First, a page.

Should the Chicago mayor’s office and the City Council here consider a similar measure? Mayor Emanuel has stated over and over that he is committed to protecting pedestrians and bicyclists. He has taken steps by inserting speeder cameras and has opened protected bicycle lanes throughout the city. Emanuel has stated that the cameras were inserted for safety purposes only and are not a money grab for the city. Ok, then why not follow in New York’s footsteps and lower the speed limit. If safety is priority one for drivers and pedestrians, the I believe the mayor and City Council should strongly consider lowering the speed limits, at least in certain areas of the city.

If you or someone you love has been injured in a Chicago car accident or Chicago truck accident, then call Chicago personal injury attorney, Aaron Bryant, for a free legal consultation at 312-614-1076.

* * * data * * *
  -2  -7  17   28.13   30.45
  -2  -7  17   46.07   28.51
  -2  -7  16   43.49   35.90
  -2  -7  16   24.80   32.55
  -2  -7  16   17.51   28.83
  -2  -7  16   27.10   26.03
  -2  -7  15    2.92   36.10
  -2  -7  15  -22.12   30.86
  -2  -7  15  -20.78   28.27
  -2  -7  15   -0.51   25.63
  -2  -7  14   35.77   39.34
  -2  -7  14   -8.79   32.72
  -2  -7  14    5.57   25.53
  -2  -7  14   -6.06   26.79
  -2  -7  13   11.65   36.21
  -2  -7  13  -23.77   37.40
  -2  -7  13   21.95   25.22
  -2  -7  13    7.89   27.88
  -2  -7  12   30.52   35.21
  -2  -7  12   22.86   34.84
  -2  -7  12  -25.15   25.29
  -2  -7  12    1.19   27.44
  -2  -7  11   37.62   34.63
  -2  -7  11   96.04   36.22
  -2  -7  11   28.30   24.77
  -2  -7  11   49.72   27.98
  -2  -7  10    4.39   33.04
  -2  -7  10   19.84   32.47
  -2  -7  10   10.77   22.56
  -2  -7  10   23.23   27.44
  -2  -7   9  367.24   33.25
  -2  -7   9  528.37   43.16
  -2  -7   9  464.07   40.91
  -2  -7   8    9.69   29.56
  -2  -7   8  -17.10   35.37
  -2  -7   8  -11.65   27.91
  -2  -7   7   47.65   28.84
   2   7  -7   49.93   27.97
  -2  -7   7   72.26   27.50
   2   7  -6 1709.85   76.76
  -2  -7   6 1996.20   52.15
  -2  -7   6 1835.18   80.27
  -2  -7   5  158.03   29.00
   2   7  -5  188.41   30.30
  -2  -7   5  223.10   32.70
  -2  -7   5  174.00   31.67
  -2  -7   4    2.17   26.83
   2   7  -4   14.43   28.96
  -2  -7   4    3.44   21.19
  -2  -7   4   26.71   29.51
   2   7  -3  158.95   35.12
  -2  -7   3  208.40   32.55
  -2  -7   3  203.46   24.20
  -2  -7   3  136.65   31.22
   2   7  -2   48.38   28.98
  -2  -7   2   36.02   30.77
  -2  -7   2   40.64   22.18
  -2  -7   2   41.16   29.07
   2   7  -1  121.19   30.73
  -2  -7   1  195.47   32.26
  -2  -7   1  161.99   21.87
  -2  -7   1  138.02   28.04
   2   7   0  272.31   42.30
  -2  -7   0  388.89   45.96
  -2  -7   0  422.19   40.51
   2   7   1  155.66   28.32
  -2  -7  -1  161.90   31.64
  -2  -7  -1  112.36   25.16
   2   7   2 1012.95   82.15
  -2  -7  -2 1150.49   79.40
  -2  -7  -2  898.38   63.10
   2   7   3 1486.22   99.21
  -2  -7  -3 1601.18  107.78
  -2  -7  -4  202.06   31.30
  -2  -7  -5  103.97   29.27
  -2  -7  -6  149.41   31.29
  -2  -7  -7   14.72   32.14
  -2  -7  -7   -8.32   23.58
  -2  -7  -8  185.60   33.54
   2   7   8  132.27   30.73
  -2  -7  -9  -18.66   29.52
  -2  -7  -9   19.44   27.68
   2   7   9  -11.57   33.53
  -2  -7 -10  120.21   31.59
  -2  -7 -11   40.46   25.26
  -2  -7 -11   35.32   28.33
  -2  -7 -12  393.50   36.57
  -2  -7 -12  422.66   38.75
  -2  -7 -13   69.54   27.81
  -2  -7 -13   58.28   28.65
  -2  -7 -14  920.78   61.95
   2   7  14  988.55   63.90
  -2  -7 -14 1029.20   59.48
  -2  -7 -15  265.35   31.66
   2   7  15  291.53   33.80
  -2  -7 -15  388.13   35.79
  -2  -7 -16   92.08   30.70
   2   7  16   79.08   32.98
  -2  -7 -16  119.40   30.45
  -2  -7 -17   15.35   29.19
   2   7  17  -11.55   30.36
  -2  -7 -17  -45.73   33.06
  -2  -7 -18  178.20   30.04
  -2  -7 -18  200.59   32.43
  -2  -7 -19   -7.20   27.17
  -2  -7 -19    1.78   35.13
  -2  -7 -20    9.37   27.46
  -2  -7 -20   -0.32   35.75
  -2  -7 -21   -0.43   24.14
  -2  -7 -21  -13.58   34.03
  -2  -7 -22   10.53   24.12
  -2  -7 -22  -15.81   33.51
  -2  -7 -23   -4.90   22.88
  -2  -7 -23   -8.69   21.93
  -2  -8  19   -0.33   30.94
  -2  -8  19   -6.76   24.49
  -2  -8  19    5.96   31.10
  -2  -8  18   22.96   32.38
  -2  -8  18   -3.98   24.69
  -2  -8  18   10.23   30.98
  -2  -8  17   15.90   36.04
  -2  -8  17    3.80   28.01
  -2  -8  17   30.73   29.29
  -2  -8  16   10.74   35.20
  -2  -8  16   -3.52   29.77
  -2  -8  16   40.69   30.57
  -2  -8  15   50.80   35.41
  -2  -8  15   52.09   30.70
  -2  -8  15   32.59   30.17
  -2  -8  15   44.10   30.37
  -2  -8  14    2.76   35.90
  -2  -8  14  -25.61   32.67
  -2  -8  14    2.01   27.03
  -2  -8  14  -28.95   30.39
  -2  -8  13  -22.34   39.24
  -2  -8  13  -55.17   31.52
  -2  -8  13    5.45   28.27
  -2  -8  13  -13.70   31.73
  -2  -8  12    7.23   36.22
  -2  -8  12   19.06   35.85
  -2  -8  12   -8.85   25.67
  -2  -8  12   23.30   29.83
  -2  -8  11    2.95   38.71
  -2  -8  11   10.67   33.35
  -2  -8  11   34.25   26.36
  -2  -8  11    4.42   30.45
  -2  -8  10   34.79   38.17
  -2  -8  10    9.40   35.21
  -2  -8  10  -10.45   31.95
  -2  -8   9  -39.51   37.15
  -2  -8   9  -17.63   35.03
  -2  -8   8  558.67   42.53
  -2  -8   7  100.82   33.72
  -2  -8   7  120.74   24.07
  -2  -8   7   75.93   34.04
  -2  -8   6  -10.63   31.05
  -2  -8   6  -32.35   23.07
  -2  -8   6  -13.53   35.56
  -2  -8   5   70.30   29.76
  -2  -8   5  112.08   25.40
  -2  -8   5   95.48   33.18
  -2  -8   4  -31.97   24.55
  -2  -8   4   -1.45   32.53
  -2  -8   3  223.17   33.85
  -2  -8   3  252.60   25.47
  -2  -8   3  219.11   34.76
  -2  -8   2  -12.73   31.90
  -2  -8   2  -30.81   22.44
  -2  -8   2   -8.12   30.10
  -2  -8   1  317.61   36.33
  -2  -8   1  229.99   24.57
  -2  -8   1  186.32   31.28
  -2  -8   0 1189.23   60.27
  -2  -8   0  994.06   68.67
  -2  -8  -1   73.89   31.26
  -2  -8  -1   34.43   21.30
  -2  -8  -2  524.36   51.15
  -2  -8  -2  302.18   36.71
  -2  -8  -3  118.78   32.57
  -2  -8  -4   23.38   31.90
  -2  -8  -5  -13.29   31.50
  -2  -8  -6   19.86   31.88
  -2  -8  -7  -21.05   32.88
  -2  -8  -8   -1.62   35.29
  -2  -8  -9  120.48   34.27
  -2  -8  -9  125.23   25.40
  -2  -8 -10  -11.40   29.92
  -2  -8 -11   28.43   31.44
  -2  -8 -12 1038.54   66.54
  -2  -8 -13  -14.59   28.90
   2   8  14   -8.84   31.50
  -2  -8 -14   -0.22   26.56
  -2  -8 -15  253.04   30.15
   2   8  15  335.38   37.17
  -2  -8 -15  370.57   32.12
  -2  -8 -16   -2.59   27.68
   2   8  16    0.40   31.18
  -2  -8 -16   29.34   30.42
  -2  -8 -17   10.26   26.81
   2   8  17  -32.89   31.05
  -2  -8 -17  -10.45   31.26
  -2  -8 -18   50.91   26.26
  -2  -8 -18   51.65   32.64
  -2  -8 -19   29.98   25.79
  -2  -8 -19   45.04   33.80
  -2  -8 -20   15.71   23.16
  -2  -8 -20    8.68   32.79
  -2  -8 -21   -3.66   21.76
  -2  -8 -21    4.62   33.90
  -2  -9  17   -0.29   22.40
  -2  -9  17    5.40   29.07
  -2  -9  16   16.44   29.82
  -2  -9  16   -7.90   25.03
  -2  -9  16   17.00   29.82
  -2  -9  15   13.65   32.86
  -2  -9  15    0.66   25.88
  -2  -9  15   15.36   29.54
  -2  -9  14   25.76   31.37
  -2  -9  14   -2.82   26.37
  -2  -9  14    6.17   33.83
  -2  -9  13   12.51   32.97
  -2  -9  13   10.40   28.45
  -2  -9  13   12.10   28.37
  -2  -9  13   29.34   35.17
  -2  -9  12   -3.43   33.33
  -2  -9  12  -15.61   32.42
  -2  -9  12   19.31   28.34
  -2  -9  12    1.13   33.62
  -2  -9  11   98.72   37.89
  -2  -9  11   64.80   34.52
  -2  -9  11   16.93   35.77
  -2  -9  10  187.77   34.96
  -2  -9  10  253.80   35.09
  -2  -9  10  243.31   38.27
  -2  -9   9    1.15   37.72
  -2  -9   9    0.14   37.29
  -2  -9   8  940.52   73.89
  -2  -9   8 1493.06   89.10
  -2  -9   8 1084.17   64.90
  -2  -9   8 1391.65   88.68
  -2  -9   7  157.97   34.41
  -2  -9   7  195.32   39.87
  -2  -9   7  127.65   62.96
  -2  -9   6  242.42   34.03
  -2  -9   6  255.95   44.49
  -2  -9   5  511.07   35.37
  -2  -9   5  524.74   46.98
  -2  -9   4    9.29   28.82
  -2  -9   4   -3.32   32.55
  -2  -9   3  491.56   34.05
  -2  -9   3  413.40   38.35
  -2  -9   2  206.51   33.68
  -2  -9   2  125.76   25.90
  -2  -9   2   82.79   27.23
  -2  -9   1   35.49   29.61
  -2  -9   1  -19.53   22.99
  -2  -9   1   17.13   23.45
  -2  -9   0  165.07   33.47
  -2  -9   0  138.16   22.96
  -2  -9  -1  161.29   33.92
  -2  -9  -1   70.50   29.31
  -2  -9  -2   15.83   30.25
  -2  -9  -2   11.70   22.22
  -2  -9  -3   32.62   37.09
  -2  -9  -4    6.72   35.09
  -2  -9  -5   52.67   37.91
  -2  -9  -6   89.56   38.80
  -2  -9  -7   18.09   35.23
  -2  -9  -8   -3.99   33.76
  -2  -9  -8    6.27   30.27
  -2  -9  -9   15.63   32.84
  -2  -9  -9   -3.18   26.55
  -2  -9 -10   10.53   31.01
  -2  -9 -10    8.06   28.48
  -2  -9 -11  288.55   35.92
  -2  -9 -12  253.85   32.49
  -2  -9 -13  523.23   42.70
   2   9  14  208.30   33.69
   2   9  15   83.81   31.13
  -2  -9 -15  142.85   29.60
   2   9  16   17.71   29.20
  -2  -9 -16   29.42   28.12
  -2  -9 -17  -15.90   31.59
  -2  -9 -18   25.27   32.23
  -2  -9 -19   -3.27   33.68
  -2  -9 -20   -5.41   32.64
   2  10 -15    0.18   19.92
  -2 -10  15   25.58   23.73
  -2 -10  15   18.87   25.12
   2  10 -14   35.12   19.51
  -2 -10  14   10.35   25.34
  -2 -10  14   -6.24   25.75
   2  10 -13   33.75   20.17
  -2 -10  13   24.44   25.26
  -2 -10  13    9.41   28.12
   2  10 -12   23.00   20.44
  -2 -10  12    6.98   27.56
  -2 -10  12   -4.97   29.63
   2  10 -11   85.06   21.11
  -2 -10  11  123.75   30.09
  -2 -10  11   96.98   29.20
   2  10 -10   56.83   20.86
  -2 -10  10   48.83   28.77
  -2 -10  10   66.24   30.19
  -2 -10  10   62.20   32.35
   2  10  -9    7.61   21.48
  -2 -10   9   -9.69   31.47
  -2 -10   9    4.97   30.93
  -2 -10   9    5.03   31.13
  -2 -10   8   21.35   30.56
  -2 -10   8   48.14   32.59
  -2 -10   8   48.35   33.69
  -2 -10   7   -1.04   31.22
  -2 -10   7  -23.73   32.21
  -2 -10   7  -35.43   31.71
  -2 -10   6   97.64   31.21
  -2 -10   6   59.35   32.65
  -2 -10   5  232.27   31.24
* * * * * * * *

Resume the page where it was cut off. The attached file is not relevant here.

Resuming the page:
AT&T Launches Campaign Against Texting And Driving

Following suit of various states (including Illinois) and the federal government, AT&T, is launching an initiative to curb texting and driving.

AT&T’s “Txtng & Drivng … It Can Wait” campaign features parents of young texting-and-driving victims and the final text messages the young drivers received just before they died. The campaign’s theme: “No text is worth dying over.”

The campaign, which will include advertising in 72 shopping malls, also features an online resource center, att.com/txtngcanwait, where educators, parents and teens can download information about texting while driving and sign a pledge not to do it. AT&T also has launched a Facebook application, at facebook.com/att.

Dallas-based AT&T, which serves about 85 million wireless customers, is the second communications company to enter the fray against texting while driving. Verizon Wireless launched its national “Don’t Text and Drive” campaign last year.

The campaign comes as the movement against texting while driving nears critical mass. At least 23 states this year have considered bans on texting while driving; 10 of them restrict texting by novice drivers. Nineteen states and the District of Columbia prohibit texting while driving for all drivers, the Governors Highway Safety Association says.